Audrey thought that her husband used self-harm to cope with the stress of post-traumatic stress disorder.

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Audrey thought that her husband used self-harm to cope with the stress of post-traumatic stress disorder.

Age at interview: 30
Sex: Female
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A lot of the drug abuse that he did has obviously, created paranoia but he’s been clean from drugs for four years in this January, four years and he has been clean from alcohol for three years. So he’s taken all the steps towards getting better but people who suffer post traumatic stress disorder, they suffer flashbacks and my husband’s flashbacks usually come at night time and normally, it’s the flashbacks that he, he won’t go into too much detail about them. 

This is why he needs the CBT therapy to try and help change the way that he thinks, try and help change the way that his brain works because he has, the only way he’s known how to deal with anything is to store it all, chuck it to the back and every so often little bits filter through. And he’s got no control over it. It’s just whatever decides to come through and he needs to properly address all the issues in relation to his past so that we can get him better. 

This is where the self-harming comes in because this is the only way that my husband knew how to deal with, if anything got too stressful, if it got too much that his brain was just completely overloaded, where he just thought, “I can’t, I’m already coping with enough. I can’t cope anymore.” And he didn’t know how to release the frustration that he had, the only way that he knew how was to self-harm and this is obviously, in relation to the PTSD as well.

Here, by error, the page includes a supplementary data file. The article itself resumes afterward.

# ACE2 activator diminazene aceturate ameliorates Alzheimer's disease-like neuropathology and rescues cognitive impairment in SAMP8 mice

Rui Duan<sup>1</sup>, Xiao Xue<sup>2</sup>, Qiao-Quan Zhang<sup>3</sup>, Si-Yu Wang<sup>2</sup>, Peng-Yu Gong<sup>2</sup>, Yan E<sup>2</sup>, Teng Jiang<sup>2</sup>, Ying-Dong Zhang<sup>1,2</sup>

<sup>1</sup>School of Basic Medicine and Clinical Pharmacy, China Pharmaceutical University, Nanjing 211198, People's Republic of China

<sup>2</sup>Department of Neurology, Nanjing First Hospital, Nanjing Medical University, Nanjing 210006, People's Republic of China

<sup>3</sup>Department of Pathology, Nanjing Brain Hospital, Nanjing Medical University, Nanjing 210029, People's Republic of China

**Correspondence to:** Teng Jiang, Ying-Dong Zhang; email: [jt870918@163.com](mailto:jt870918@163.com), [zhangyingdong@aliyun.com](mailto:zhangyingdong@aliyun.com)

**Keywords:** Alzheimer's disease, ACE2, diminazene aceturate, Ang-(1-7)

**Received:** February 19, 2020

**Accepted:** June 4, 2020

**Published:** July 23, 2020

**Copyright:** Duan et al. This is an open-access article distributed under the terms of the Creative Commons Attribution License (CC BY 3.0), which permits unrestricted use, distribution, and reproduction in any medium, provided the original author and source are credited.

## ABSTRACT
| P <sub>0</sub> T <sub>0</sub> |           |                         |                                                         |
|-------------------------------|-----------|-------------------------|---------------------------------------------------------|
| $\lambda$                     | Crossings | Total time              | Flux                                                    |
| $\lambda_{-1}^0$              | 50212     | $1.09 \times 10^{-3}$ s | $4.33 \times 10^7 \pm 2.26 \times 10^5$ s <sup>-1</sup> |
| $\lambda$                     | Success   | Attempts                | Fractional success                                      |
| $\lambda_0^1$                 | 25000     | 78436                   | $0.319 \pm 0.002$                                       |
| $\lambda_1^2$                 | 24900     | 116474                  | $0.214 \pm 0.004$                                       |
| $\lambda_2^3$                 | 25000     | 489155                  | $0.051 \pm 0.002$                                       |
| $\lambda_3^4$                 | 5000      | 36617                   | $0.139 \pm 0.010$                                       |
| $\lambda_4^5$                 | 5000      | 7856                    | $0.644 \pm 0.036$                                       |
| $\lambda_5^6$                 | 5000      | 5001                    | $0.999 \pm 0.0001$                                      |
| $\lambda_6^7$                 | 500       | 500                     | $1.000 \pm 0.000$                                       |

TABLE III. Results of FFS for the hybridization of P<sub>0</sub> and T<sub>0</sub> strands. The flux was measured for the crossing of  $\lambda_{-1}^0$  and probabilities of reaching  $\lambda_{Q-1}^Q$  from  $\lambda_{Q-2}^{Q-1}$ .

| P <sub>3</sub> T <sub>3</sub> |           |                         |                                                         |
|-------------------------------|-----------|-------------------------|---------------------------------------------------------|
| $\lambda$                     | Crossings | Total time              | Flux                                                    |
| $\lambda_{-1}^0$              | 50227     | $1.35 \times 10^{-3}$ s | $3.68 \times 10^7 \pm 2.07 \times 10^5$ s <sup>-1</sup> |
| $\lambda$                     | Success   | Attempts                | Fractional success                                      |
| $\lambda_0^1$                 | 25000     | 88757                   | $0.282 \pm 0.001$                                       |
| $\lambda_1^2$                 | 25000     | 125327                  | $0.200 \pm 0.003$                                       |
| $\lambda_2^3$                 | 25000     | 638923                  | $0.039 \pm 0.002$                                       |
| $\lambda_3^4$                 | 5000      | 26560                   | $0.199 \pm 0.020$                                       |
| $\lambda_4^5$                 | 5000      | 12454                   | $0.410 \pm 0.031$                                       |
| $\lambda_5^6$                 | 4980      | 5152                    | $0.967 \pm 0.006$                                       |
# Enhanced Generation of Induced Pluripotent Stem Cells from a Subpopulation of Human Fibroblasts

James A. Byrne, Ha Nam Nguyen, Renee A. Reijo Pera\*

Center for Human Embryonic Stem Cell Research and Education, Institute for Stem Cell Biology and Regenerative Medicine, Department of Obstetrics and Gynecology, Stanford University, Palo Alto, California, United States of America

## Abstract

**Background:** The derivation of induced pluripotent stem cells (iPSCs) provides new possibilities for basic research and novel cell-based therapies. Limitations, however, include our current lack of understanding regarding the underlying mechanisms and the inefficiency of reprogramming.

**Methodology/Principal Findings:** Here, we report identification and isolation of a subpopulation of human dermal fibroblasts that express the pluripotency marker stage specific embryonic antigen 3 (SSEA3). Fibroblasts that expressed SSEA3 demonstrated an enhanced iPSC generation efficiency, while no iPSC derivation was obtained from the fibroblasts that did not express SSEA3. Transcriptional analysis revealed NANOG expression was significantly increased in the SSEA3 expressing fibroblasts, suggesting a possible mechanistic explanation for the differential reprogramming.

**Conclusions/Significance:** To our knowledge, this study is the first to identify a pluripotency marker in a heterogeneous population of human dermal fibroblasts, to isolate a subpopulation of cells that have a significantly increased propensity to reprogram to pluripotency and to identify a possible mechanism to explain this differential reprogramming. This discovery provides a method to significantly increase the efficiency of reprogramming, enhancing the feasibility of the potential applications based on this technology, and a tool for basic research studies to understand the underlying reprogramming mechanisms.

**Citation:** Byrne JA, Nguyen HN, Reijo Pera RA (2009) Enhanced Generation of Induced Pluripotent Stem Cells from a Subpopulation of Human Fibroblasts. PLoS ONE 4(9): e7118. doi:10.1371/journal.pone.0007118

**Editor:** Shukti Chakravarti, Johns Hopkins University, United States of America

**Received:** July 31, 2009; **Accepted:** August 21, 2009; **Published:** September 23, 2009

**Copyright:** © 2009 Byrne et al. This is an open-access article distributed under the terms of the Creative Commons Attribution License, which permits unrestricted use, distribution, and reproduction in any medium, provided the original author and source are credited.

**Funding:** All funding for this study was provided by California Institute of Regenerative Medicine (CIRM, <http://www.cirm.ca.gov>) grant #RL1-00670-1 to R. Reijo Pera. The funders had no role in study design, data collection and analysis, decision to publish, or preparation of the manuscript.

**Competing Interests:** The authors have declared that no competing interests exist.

Several parents described their own mental health problems, which some thought might have contributed to self-harm in their children. There is some evidence that children of adults with mental health problems are more likely to develop mental health problems themselves. In many cases this may be genetic*. Some of the parents we talked to felt better able to understand and help their child because of their own experiences.
 

Roisin thought her depression was caused by a genetic chemical imbalance. She linked her daughter’s self-cutting to her own early eating disorder and said this brought them closer.